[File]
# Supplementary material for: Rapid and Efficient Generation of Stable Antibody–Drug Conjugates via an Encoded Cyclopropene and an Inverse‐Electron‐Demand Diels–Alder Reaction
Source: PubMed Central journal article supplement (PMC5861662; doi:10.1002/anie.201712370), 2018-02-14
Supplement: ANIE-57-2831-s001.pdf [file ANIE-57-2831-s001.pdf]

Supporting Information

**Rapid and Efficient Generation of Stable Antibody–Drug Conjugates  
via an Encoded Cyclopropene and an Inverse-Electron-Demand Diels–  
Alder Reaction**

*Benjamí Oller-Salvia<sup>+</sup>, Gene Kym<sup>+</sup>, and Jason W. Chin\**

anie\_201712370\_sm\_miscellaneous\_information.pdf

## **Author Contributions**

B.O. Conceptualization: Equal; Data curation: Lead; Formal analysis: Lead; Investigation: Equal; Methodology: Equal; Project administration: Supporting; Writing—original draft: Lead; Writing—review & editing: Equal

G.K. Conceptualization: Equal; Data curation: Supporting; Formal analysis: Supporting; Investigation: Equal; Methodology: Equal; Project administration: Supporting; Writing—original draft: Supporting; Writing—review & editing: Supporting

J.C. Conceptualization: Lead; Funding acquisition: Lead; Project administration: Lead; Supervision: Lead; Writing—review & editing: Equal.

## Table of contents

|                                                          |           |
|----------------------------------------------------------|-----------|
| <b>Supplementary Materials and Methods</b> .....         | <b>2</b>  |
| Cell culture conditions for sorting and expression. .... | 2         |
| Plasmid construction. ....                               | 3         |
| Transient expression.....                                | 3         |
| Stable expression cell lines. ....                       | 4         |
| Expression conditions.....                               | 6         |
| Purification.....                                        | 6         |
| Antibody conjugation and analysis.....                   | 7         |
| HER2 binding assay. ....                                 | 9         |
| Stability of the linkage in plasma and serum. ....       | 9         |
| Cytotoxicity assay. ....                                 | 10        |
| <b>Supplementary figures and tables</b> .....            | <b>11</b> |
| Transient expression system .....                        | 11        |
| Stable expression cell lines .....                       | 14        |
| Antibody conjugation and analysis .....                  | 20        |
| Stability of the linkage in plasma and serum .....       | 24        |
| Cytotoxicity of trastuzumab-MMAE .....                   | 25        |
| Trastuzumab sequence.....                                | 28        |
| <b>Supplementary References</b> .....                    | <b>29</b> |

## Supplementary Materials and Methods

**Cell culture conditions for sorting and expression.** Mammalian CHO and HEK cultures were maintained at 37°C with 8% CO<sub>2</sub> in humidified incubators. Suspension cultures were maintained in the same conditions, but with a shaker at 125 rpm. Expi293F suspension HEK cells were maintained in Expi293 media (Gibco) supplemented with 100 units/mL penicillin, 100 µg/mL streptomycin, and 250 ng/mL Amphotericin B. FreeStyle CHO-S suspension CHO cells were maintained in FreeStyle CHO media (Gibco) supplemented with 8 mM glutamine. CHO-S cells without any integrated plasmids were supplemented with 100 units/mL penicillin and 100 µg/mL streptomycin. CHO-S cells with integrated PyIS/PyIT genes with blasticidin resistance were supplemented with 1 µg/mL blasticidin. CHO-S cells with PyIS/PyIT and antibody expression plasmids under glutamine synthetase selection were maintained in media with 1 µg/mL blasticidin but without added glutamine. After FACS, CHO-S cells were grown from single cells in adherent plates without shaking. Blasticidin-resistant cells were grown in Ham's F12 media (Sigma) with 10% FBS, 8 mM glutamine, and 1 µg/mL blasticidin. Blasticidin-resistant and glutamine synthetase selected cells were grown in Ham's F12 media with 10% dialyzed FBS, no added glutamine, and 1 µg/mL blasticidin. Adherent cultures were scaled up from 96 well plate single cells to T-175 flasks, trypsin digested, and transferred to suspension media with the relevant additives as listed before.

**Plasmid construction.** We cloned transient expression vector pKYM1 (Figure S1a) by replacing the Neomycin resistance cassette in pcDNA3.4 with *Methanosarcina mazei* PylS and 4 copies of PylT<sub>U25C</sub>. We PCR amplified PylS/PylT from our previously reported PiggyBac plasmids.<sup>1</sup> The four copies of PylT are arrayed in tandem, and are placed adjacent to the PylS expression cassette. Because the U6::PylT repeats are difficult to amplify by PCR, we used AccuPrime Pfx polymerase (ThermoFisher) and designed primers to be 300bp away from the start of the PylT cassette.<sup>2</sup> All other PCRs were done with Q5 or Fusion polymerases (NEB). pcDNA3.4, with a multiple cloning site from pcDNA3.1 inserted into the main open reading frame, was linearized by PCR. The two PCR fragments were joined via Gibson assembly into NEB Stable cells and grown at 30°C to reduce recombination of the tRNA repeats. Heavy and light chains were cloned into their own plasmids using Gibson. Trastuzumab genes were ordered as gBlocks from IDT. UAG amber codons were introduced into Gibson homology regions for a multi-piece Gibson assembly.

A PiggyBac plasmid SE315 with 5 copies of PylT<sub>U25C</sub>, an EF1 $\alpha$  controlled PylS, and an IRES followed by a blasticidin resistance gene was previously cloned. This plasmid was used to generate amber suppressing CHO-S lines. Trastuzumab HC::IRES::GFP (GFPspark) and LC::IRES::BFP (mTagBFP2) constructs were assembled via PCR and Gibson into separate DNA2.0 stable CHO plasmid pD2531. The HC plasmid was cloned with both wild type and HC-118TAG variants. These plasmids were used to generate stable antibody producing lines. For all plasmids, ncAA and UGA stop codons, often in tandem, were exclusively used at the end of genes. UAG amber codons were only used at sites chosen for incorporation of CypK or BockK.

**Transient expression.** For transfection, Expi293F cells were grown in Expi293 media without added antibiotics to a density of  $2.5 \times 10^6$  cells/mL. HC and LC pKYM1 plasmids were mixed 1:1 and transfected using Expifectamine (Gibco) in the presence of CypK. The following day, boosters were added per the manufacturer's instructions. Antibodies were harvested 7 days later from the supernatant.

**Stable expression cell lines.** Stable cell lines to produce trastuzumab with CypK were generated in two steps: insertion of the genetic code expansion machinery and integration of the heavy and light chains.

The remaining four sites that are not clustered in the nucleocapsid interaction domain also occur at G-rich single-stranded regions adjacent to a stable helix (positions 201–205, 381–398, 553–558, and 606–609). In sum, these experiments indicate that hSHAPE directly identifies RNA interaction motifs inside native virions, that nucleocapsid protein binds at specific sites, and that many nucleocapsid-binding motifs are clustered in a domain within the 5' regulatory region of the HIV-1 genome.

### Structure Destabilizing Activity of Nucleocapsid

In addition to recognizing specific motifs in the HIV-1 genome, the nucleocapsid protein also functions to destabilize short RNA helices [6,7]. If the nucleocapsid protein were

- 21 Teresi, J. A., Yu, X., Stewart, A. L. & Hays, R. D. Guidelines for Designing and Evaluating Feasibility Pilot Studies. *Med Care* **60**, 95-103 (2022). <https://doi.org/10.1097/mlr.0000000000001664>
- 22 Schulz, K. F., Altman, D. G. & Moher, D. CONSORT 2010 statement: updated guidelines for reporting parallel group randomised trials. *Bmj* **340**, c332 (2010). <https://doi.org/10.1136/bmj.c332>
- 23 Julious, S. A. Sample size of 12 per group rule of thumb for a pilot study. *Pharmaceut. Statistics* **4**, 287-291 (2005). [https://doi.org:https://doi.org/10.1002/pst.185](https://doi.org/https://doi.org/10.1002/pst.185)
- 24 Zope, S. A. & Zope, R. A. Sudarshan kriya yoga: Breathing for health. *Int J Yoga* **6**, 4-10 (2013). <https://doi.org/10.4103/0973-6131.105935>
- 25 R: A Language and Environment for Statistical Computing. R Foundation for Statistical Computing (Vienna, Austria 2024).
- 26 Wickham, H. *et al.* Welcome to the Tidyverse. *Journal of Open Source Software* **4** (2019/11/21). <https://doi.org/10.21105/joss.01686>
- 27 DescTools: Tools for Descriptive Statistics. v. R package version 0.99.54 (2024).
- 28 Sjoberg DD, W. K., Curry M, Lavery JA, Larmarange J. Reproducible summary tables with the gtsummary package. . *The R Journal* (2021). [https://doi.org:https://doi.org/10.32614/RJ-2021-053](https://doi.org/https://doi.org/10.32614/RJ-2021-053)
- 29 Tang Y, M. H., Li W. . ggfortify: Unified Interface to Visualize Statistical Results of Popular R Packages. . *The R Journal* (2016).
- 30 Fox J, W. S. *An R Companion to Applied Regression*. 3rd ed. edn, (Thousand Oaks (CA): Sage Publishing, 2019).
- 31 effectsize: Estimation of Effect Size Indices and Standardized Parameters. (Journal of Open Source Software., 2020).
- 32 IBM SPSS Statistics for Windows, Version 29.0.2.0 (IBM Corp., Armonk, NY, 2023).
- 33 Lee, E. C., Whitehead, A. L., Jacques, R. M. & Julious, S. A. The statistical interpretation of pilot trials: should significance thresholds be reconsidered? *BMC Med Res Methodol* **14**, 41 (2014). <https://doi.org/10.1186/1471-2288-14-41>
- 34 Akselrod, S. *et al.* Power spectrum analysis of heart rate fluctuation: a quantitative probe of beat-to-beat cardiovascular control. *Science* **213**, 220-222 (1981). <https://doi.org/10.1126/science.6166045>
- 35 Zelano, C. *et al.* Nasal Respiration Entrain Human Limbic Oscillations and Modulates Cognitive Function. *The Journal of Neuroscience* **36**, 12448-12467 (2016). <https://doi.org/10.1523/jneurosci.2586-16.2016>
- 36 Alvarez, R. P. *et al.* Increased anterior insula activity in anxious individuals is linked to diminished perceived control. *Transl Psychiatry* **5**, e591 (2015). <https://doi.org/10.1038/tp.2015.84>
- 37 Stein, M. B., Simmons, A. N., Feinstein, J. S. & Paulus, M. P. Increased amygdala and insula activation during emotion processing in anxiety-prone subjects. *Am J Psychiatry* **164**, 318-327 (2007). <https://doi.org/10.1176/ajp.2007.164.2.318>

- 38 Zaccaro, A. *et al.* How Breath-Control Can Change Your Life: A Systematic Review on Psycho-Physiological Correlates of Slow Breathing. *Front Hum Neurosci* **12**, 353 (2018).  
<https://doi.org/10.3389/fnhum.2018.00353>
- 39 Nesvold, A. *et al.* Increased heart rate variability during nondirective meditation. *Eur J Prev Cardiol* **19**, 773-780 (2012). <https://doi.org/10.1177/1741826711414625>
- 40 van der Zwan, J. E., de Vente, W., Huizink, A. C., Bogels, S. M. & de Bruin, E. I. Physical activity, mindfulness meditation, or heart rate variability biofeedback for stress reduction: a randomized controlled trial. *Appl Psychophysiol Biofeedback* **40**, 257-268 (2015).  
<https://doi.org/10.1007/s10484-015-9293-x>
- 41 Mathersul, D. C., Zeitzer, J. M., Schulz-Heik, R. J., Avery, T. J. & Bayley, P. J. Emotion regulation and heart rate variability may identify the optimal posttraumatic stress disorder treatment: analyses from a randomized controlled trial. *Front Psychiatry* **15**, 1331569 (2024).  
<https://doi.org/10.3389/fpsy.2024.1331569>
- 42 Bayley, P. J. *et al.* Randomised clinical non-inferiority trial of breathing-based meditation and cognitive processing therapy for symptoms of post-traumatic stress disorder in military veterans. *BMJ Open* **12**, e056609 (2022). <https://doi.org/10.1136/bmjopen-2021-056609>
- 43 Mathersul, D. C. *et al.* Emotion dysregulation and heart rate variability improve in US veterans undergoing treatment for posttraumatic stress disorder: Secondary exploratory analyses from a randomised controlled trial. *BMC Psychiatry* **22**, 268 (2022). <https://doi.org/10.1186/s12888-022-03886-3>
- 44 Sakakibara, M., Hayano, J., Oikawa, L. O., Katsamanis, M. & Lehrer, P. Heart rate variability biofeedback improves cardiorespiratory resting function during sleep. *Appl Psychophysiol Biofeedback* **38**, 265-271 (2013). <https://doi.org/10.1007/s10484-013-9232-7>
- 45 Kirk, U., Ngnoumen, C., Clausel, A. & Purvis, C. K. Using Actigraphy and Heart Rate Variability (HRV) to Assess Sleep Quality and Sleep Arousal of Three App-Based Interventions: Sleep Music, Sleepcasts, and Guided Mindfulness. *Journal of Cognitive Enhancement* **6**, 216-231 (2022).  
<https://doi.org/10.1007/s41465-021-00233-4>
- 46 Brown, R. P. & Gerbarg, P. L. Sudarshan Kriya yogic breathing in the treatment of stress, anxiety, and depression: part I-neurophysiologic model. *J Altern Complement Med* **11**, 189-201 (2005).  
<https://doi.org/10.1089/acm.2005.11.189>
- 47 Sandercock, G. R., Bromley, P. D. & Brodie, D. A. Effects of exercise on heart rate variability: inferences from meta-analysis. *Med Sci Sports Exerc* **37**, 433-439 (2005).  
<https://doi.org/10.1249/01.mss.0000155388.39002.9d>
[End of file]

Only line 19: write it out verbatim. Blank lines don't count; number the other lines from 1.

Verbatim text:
| Plasmid construction. ....                               | 3         |